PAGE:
Review – ‘Tobias’ Directed by Lawrence Lee Wallace

Directed by Lawrence Lee Wallace whose previous credits include The Box and The Pieces of David, ‘Tobias’ is an upcoming feature length thriller that stars Ivan Ellis, Edward Williams III, Camille Wiggins and Kelley Holcomb.

Directed by Lawrence Lee Wallace whose previous credits include The Box and The Pieces of David, ‘Tobias’ is an upcoming feature length thriller that stars Ivan Ellis, Edward Williams III, Camille Wiggins and Kelley Holcomb.

Based on the main character of the same name, the film finds Tobias (played by Edward Williams III), a man losing everything he has. As he feels his world falling apart, Tobias’s life begins to spiral out of control. Not only this but serious mental issues also begin to emerge, charting the man on a collision course that will have no happy endings. With people closest to Tobias caught in the crossfire, what follows is a descent into madness as Tobias becomes the horrific force of evil that he was always meant to be.

Tobias’s first and foremost strong point is its direction and script; and Lawrence Lee Wallace manages to tackle both effectively. The writing is deep; it aids its characters in developing organically as it seeks to present a viable solution to the moral dilemma that it offers. Wallace then builds up the script during his direction, punching up some moments while adding more character depth. All this contributes to a film that manages to be surprisingly emotional and hard hitting.

Visually speaking, the film bursts out of its own shell soaring. The cinematography is crisp and the deep hues give the film a distinctly unique look. The cinematographer has done a fantastic job ensuring that the tense moments look and feel as real as possible and those tense, unnerving moments of interaction between characters look as energised and unpredictable as possible. Not only does this help keep the film apart from dozens of similar films in the market, it also makes for an exciting and novel viewing. The visual nature of the violence might make the film disturbing to some but it is in line what the plot is trying to be.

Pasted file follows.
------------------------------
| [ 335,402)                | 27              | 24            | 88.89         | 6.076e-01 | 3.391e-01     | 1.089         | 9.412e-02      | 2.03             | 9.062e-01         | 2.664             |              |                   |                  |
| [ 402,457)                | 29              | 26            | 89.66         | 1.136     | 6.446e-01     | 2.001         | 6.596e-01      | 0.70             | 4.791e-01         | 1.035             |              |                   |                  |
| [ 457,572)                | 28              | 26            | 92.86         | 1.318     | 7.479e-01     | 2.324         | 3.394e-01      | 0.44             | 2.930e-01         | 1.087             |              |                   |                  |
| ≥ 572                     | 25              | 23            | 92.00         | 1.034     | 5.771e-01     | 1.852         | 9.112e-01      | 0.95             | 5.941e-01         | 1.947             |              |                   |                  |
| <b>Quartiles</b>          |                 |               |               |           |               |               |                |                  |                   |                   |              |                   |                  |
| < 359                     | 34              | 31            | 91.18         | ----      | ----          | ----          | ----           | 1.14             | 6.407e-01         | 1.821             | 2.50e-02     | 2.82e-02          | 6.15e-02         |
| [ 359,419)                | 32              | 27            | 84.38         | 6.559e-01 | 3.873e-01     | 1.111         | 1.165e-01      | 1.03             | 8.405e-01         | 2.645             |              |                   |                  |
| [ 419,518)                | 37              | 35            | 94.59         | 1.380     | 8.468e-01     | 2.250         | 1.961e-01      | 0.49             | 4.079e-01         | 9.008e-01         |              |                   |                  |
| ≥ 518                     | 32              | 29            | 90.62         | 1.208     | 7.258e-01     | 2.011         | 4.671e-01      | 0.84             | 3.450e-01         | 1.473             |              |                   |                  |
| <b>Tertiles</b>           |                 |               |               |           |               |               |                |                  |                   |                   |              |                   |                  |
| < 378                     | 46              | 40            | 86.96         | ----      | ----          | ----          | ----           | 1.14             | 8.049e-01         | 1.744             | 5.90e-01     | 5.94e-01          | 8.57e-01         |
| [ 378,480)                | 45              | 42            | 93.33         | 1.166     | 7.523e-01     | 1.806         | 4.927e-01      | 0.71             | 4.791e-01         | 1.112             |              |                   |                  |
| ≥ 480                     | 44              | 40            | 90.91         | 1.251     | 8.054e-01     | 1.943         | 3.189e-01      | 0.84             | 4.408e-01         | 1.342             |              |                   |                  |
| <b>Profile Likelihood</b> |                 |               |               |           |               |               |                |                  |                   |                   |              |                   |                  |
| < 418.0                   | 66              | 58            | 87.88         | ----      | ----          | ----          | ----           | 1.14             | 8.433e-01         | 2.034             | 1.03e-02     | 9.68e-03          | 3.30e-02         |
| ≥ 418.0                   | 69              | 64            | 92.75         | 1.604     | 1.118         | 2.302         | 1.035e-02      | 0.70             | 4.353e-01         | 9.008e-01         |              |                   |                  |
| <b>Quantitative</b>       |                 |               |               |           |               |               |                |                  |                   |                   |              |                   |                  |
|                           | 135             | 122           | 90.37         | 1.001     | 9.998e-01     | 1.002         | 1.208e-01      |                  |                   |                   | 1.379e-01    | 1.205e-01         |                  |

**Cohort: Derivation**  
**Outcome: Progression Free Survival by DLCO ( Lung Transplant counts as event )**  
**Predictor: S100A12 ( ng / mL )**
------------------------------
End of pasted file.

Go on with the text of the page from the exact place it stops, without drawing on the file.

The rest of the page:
Another aspect that is frequently overlooked by reviewers is the sound design. The sound mixing team has done a terrific job here, invoking a true sense of dread in all of the tense scenes and ensuring a consistent theme of fear and confusion as seen by the victims of Tobias throughout the story. The sound design of a thriller has a significant part in ensuring that the story feels true to its roots and the team here has done really well in this regard.

The acting by the main cast is fantastic and everyone manages to do a stellar job. The star of the show is Edward Williams III as Tobias whose unsettling performance sells the entire film. As Tobias slowly loses his grip on reality, the bodies start to fall. Playing an unhinged lunatic with the tenacity of a Charles Manson type, Williams manages to steal all the spotlight from his peers through his terrific performance and manages to document his character’s descent into madness pretty accurately. Ivan Ellis as Barker is also impressive and Kelley Holcomb

Candice also manages to knock it out of the park. The cast does a terrific job with what they are given and they manage to elevate the script by their nuanced and measured performances.

Also, from costumes to set design, the production looks highly polished in all its aspects. With a seemingly mid-sized budget, it is fascinating to see how the production team managed to make the film look so incredibly good. The interiors are perfectly lit and each aspect of the production elevates the disturbing nature of the story.

Since every single second of the film takes place indoors, the makers had to really play with space and volume to convey the sense of claustrophobia that Tobias manages to inflict onto others with his actions. So, utilising dim light, creative shots and extreme closeups, Lawrence Lee Wallace manages to make the film as disturbing for the viewers as it is for the characters.

To conclude, “Tobias” manages to unsettle you and is worth a trip to the nearest theatre. Lawrence Lee Wallace has made a film that goes to unexpected places, taking the audience along for a fantastic ride into the abyss. The acting is great, the script hard hitting and the overall vibe scary.

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